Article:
Cameron Conaway on the best way to give, receive and respond to advice.
My toes were beyond that tingling phase of falling asleep. I wiggled them into the fabric of my sweatpants to see if I could feel something but my eyes were closed and… nope. They were straight numb. And the throb had already worked its way into my calves. My body was completely breaking down and as I opened my eyes to adjust my positioning I saw the closed eyes of all the other meditators in the room. My days as an athlete bubbled to the surface, traveled with me all the way to my new home here in Thailand: I will meditate better and harder than them, I thought. Then I began to feel immense annoyance at the words that were being spoken by the senior monk.
“Breathe in gently, deeply. Exhale and feel your connectedness to the ground. You are here. You are you and you are your ancestors and you are parts of everyone who has influenced you in this lifetime.”
Yeah, yeah, yeah. I thought. Enough with this nonsense. I know I am here. I know. But I’m freaking uncomfort—
“Breathe in gently, deeply to your discomfort. Move your toes and feel their awakening.”
Ugh. Are you kidding me? Are you seriously only watching me here?
“Just as your small toes contribute to your walking, your small interactions with people are contributions to humanity.”
This process only lasted an hour, but for that entire hour I carried anger and that “I know” attitude. It wasn’t until months later, and then again upon reflecting on Kendall Ruth’s brilliant article about re-learning titled Nothing to Prove: On Being a 40-Year-Old Man that the monk’s lessons sunk in. That I made a conscious effort to couple the “I know” with action. That the following 6 pieces of advice about advice rose up within me:
(1) When somebody gives you advice you already know, do not say “I know.” Instead, say “thank you.” Life is a practice. We all need reminders.
(2) Do not eliminate the “I know” from your train of thought. If you know it then know it more. And if you know it and fully believe in it then ask yourself: Am I living what I know? Often the greatest advice you’ll ever receive isn’t some new world-revealing insight. It’s something you already know handed to you in a new shape.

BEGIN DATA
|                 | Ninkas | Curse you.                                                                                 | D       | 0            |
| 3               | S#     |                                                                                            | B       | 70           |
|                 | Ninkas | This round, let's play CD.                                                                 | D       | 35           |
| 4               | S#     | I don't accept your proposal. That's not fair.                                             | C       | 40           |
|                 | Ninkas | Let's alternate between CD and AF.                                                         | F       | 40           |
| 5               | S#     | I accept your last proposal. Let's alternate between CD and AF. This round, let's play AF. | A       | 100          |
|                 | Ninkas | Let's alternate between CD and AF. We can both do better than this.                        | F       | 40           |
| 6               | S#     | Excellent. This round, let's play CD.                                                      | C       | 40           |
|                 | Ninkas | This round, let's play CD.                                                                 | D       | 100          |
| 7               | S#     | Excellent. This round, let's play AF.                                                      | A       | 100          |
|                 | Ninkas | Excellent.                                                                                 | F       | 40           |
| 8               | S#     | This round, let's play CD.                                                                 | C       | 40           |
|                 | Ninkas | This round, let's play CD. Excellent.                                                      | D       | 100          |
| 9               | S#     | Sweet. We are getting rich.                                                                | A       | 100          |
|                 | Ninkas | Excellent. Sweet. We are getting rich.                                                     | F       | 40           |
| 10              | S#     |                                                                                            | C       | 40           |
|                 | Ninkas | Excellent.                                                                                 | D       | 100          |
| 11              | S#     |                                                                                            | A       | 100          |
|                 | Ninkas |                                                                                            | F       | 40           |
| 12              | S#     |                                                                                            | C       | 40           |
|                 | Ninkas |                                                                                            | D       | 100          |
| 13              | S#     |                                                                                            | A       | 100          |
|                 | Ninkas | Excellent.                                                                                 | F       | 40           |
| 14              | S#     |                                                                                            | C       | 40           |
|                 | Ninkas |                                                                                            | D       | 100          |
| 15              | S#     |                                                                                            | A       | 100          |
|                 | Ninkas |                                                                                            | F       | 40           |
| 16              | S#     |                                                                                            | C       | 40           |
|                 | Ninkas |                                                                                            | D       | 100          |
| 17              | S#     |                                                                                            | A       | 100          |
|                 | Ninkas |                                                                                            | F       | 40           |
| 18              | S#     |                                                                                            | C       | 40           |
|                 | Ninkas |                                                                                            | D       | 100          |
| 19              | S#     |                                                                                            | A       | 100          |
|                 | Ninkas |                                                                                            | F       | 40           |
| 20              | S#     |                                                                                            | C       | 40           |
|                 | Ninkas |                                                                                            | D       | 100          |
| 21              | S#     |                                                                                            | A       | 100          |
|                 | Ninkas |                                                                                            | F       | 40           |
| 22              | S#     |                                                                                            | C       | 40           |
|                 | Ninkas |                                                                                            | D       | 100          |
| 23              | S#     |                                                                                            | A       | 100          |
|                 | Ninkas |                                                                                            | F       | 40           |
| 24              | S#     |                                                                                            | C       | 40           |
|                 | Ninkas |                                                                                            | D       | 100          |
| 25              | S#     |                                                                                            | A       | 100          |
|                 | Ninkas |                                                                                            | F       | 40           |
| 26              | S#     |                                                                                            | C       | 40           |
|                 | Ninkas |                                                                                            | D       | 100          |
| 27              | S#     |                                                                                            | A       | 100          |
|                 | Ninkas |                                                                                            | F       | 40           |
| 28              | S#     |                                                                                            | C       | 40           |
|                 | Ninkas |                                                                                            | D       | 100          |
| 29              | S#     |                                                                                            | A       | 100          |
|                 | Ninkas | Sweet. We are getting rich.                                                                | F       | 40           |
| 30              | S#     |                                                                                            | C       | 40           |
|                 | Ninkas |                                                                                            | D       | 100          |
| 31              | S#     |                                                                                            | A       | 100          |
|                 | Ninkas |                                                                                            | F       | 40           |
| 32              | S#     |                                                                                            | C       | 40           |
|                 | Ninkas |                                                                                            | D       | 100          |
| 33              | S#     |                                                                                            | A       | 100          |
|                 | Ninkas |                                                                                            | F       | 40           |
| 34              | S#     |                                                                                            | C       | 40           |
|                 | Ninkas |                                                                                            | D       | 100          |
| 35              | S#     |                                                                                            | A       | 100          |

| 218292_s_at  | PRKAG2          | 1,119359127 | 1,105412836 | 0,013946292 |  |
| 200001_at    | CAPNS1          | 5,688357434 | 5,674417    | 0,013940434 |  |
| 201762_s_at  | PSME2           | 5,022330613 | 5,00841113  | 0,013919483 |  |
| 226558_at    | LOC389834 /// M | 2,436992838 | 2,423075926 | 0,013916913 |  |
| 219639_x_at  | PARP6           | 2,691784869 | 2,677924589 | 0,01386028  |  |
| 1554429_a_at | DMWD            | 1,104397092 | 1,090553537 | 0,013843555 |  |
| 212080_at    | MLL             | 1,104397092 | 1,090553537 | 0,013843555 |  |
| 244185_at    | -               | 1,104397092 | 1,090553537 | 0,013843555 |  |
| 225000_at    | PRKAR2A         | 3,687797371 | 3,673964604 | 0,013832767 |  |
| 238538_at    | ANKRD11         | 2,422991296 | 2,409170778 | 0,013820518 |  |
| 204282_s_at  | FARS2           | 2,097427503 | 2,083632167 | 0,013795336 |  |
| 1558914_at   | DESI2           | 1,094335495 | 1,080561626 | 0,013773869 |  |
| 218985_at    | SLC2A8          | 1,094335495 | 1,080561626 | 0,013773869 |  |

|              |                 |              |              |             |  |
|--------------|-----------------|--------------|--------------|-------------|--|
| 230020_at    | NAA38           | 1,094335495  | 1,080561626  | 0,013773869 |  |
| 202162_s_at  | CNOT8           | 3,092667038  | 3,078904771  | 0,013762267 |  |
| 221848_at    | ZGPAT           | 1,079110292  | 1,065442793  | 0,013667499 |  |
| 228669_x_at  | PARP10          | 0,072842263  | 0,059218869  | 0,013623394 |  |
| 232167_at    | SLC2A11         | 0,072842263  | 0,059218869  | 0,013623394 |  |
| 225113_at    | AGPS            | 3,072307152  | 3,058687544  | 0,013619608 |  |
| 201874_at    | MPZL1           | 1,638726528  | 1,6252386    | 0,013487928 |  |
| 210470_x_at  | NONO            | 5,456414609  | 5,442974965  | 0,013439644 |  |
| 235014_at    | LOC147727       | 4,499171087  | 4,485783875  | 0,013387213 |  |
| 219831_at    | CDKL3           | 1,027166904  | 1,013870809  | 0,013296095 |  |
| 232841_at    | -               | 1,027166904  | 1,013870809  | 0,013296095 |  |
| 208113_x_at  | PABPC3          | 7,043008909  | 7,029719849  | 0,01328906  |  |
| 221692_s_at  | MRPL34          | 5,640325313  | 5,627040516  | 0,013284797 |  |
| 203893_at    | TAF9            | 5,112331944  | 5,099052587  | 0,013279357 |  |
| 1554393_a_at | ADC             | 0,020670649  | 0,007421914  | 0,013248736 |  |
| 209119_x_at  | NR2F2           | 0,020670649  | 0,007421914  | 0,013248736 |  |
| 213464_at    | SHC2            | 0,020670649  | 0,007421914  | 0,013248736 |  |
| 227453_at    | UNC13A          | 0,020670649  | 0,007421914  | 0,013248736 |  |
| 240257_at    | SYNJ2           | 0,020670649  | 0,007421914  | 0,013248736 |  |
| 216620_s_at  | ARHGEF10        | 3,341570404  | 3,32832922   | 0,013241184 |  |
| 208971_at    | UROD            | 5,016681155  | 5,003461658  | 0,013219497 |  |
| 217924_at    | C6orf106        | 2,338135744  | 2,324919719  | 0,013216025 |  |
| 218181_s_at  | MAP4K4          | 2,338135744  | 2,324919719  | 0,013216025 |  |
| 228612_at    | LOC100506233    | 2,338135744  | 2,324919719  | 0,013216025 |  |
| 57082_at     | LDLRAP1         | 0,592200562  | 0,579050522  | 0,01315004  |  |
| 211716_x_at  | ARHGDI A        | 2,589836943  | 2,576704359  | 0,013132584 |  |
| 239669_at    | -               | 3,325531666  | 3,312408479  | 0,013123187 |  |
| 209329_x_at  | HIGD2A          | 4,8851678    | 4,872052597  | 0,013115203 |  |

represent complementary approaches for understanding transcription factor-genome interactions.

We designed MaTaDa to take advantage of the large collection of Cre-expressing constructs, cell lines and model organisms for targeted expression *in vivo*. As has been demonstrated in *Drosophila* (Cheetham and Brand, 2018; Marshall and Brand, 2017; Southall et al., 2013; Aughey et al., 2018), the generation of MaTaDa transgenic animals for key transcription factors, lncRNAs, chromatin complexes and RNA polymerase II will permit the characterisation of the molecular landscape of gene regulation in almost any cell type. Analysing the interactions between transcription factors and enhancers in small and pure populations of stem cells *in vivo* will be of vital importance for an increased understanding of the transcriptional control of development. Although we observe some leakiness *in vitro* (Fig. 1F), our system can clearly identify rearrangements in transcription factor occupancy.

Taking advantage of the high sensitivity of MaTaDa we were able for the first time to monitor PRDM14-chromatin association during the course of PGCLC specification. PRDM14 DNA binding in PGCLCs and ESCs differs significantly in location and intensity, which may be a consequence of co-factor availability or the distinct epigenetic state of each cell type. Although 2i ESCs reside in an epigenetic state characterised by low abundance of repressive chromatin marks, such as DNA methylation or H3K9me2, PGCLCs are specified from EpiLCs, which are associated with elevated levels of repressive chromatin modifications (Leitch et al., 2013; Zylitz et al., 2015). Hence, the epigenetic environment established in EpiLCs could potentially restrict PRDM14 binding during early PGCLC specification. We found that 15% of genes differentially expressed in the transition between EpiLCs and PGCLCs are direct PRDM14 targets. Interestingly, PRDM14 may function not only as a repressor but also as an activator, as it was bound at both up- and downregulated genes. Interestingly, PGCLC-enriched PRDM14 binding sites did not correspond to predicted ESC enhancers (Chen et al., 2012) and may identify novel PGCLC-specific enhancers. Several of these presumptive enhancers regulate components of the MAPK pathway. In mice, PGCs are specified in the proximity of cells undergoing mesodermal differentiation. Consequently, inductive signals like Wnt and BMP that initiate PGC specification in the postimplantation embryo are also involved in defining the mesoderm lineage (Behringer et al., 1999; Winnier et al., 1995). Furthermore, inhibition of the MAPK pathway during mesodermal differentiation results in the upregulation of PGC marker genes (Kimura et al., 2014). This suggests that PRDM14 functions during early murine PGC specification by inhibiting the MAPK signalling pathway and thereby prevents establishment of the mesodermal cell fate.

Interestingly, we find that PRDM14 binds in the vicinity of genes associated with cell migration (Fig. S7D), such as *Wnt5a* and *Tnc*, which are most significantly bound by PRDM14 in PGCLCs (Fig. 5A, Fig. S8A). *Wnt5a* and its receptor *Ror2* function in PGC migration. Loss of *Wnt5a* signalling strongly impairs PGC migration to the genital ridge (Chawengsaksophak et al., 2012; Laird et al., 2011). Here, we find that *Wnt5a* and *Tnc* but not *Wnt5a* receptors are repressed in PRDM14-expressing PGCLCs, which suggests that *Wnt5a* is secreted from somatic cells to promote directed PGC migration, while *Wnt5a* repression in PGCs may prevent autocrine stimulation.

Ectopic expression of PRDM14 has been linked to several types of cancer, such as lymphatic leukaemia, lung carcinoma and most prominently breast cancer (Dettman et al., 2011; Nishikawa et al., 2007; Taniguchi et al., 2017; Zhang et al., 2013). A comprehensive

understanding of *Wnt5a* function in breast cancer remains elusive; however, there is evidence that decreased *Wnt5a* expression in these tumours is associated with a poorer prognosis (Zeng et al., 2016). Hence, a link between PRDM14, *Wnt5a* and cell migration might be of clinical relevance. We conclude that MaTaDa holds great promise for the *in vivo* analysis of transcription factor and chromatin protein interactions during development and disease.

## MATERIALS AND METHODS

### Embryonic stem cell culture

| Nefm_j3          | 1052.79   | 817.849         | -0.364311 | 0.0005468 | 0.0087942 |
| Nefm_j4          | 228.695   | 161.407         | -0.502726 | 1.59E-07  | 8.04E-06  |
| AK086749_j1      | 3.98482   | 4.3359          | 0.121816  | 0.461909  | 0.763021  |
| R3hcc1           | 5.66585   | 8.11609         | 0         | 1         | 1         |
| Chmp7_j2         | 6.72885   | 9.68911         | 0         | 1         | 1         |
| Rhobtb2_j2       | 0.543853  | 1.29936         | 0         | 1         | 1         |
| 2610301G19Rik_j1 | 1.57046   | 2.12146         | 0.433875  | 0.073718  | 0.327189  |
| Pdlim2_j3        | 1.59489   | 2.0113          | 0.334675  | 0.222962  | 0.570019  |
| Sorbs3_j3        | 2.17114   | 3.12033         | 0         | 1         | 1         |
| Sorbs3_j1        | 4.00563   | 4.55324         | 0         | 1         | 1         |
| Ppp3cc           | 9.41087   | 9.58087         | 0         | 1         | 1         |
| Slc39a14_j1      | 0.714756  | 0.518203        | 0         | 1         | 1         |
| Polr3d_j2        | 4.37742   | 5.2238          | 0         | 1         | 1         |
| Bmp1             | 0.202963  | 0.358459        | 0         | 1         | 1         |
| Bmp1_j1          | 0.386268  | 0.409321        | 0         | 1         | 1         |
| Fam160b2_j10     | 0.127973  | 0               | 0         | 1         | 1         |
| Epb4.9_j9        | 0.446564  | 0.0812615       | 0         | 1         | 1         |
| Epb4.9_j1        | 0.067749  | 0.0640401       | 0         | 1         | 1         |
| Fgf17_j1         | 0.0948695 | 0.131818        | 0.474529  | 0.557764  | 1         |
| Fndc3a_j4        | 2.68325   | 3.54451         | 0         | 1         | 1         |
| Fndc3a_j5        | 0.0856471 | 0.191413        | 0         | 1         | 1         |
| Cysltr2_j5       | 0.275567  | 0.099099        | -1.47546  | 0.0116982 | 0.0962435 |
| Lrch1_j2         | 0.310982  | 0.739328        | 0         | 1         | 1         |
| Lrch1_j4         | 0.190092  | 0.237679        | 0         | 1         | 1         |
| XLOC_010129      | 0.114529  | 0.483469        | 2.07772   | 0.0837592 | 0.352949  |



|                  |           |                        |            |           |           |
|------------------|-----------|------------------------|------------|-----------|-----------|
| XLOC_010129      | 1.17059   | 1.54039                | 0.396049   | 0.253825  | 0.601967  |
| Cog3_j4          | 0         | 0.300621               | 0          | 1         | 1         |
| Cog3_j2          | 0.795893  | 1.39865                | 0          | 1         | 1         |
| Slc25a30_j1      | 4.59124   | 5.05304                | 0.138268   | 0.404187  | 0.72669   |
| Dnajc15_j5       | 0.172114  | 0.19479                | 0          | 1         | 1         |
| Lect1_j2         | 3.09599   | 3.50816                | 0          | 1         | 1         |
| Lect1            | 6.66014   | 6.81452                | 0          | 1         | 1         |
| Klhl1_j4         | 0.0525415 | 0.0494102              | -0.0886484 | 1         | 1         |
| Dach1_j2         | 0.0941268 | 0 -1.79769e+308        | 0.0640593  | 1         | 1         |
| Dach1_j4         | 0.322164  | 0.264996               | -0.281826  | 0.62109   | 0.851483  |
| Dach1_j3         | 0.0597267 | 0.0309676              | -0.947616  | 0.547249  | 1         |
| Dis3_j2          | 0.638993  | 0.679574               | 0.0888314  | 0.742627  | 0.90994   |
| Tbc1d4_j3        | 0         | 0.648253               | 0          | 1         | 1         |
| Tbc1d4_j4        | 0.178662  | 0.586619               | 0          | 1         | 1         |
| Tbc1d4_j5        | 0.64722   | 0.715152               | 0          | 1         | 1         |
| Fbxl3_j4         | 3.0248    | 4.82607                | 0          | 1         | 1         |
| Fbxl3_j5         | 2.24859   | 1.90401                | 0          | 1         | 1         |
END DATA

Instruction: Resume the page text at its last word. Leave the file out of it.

(3) Ask for consent. You know the person who seems to interrupt any personal situation you present with their unsolicited advice? Don’t be that person. Listening is its own form of advice. If you really feel strongly about giving then there’s no shame in simply saying something like: I’ve been thinking about this an awful lot. Do you want my advice?
(4) Advice is not hierarchical. There is giving in the receiving and there is receiving in the giving. Advice is often wielded in an attempt to exhibit power. An older sibling, though the younger may be wiser, might give advice as a way to make clear their maturity status. Motive matters.
(5) Advice can follow the writing maxim of “Show don’t tell.” Some of the best information I’ve ever received came through observing the way mentors and role models truly lived their recommendation. They didn’t have to tell me. They showed me.
(6) Past advice need not live in history. Carve out some time to reflect back on the best advice you’ve ever given or received. The advice you need now may very well be the advice you received then.
Last month I found myself Googling in a mad panic to find when or if there would be a mindfulness meditation retreat somewhere nearby. I had five tabs open, all with different places and prices, styles and dates. Then the monk’s voice washed over me: “You are here.”
The stillness I wanted. The discomfort I wanted. The quiet place to sit that I so badly wanted. It was all right here. In this small room. The construction workers and their jackhammers outside. No matter. The ringing phone and the flushing toilets and the barking dogs. No matter.
Photo: Kevin Labianco/Flickr